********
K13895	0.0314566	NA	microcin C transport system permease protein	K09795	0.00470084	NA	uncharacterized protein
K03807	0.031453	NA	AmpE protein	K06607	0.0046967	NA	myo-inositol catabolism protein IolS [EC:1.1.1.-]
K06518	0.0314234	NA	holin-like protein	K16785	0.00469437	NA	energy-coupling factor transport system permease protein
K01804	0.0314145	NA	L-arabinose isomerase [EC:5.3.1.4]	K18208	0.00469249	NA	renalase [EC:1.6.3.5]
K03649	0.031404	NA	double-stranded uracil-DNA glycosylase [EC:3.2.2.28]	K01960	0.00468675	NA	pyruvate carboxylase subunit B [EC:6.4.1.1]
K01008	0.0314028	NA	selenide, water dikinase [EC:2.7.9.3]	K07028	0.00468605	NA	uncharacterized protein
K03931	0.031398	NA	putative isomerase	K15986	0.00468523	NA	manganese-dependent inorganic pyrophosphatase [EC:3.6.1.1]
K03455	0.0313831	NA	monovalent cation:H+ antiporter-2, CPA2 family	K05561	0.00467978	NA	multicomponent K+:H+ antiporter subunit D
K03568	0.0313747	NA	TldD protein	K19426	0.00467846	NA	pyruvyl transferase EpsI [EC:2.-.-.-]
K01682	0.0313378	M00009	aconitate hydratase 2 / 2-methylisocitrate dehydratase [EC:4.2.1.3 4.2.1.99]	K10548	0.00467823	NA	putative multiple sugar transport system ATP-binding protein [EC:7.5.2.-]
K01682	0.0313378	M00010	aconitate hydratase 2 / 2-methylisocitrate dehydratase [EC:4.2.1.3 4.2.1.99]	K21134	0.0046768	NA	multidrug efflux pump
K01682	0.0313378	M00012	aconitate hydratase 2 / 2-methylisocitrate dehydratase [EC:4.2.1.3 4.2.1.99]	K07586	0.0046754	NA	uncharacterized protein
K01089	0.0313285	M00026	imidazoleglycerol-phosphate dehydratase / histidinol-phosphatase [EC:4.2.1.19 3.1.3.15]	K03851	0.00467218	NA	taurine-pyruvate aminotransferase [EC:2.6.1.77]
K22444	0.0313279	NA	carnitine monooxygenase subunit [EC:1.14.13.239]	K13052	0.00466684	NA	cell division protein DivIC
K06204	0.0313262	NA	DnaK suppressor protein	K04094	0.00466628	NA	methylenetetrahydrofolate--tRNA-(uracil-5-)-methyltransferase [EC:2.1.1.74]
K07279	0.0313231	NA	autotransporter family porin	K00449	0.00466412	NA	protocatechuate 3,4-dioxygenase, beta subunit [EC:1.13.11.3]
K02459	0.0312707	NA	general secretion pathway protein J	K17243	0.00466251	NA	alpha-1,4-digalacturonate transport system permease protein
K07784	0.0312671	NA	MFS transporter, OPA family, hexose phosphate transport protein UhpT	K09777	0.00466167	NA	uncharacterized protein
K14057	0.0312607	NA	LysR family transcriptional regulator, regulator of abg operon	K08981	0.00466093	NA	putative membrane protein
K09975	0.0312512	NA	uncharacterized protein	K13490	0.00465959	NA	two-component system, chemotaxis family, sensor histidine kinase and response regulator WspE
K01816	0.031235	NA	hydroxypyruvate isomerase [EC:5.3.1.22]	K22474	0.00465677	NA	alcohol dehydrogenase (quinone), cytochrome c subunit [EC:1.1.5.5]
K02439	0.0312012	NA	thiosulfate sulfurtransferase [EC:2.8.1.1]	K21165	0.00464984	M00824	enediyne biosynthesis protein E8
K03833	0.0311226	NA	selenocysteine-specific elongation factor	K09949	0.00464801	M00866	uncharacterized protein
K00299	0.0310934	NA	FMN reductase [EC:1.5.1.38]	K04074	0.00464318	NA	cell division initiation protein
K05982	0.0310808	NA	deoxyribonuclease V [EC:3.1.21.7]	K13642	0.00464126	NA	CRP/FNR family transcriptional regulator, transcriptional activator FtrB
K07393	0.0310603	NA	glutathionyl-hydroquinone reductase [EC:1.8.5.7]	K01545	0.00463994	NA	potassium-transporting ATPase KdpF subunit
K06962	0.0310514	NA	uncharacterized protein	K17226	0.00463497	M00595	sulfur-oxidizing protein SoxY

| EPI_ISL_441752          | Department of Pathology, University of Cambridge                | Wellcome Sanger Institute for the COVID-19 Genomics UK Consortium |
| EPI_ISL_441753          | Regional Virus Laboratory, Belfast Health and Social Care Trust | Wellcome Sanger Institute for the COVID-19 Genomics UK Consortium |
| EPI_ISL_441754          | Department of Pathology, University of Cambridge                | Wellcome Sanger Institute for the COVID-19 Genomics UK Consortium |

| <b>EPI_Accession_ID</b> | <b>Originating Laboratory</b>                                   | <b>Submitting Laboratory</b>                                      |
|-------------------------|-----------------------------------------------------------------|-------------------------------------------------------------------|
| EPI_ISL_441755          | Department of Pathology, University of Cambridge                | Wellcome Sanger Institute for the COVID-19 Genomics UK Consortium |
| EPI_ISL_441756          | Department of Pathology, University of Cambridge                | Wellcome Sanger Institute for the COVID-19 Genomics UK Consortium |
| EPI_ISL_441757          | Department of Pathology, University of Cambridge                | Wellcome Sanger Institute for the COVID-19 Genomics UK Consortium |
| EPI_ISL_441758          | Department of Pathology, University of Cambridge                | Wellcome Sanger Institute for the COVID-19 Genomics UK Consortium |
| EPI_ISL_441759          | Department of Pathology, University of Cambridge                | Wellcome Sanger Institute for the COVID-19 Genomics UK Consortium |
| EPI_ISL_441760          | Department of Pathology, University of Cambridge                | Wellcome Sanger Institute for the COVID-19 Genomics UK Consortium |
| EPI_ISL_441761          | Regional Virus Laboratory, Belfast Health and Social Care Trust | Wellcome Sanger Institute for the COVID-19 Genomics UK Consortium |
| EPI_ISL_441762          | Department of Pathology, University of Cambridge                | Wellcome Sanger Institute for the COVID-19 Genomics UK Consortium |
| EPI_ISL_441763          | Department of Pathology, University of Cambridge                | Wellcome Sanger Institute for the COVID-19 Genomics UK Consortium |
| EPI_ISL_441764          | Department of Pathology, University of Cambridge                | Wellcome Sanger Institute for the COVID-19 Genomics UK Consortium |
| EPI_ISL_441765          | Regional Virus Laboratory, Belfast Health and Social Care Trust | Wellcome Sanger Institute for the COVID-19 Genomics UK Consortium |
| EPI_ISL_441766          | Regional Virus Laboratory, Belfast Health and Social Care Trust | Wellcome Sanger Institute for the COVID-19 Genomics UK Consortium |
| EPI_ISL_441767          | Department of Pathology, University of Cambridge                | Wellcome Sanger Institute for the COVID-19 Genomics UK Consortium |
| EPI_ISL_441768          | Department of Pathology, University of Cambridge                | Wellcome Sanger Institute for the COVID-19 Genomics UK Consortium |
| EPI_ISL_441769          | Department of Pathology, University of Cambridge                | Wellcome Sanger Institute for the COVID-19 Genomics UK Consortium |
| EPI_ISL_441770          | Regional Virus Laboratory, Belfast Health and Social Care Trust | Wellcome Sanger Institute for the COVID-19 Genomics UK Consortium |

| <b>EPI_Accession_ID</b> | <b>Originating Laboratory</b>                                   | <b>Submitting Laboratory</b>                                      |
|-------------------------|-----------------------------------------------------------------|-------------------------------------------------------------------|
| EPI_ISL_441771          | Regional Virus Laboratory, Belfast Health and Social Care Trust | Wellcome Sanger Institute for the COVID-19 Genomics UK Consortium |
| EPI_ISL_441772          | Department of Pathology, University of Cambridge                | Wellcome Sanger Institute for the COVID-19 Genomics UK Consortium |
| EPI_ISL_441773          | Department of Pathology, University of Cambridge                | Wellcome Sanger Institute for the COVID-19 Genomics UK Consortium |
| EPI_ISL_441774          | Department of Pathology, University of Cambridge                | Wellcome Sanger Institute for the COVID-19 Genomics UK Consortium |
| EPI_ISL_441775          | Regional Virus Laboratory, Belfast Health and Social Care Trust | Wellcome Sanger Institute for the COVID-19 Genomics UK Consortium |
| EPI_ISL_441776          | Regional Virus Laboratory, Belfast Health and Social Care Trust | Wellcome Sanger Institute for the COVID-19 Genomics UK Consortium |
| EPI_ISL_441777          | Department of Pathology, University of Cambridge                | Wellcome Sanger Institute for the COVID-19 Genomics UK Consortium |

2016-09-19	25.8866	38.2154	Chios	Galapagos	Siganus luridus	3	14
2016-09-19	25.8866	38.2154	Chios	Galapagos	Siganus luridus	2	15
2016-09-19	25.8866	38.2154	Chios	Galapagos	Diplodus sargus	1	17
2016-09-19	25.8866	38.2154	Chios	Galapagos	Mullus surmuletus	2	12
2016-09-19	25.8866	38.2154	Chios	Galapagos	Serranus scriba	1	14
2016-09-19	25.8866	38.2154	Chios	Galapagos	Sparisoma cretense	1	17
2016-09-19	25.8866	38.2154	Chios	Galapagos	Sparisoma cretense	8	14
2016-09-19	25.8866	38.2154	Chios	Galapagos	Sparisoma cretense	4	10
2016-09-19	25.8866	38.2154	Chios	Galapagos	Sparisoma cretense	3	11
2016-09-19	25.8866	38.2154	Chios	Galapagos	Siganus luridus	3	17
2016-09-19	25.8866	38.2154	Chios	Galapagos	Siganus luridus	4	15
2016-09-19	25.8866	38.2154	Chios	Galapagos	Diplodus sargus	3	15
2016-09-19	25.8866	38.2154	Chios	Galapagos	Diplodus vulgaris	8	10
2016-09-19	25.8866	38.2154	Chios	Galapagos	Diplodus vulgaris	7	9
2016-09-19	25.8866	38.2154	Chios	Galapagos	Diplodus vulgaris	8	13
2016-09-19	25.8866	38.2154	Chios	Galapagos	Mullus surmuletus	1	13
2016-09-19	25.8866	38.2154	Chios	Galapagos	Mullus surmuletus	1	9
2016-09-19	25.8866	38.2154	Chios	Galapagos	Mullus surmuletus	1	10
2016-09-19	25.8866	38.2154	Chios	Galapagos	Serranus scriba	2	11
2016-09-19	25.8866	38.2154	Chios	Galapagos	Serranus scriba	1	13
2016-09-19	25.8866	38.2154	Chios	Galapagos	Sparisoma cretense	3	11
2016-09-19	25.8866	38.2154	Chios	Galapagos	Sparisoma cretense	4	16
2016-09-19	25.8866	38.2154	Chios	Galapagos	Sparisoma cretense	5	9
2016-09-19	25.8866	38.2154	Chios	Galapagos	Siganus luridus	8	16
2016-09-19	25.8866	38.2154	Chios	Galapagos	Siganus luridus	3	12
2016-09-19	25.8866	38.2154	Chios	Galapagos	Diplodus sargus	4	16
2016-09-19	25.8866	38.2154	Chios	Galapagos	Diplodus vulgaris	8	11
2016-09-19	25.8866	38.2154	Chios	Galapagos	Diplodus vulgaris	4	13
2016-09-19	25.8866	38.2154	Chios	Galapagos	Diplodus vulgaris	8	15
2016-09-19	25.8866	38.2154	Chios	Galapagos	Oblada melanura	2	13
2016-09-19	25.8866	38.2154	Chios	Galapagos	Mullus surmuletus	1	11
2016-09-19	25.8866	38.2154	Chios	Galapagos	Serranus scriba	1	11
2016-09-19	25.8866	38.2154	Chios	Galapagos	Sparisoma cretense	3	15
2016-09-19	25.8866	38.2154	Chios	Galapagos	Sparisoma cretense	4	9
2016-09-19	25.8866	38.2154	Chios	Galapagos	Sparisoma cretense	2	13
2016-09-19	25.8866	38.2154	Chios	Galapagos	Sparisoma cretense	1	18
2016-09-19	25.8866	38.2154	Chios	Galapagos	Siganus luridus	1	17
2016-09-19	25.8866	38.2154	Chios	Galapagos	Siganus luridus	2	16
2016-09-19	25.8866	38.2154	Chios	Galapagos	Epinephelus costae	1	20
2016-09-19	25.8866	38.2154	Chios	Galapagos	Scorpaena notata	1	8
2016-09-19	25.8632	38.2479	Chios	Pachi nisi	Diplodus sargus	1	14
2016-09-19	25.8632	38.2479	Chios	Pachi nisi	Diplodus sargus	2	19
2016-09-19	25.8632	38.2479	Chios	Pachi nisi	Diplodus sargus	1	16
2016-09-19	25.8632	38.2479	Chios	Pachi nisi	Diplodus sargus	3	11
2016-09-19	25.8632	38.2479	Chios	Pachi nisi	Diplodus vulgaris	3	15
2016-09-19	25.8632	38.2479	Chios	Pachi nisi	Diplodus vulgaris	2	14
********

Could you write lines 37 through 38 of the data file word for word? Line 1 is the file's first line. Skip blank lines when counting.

| EPI_ISL_441759          | Department of Pathology, University of Cambridge                | Wellcome Sanger Institute for the COVID-19 Genomics UK Consortium |
| EPI_ISL_441760          | Department of Pathology, University of Cambridge                | Wellcome Sanger Institute for the COVID-19 Genomics UK Consortium |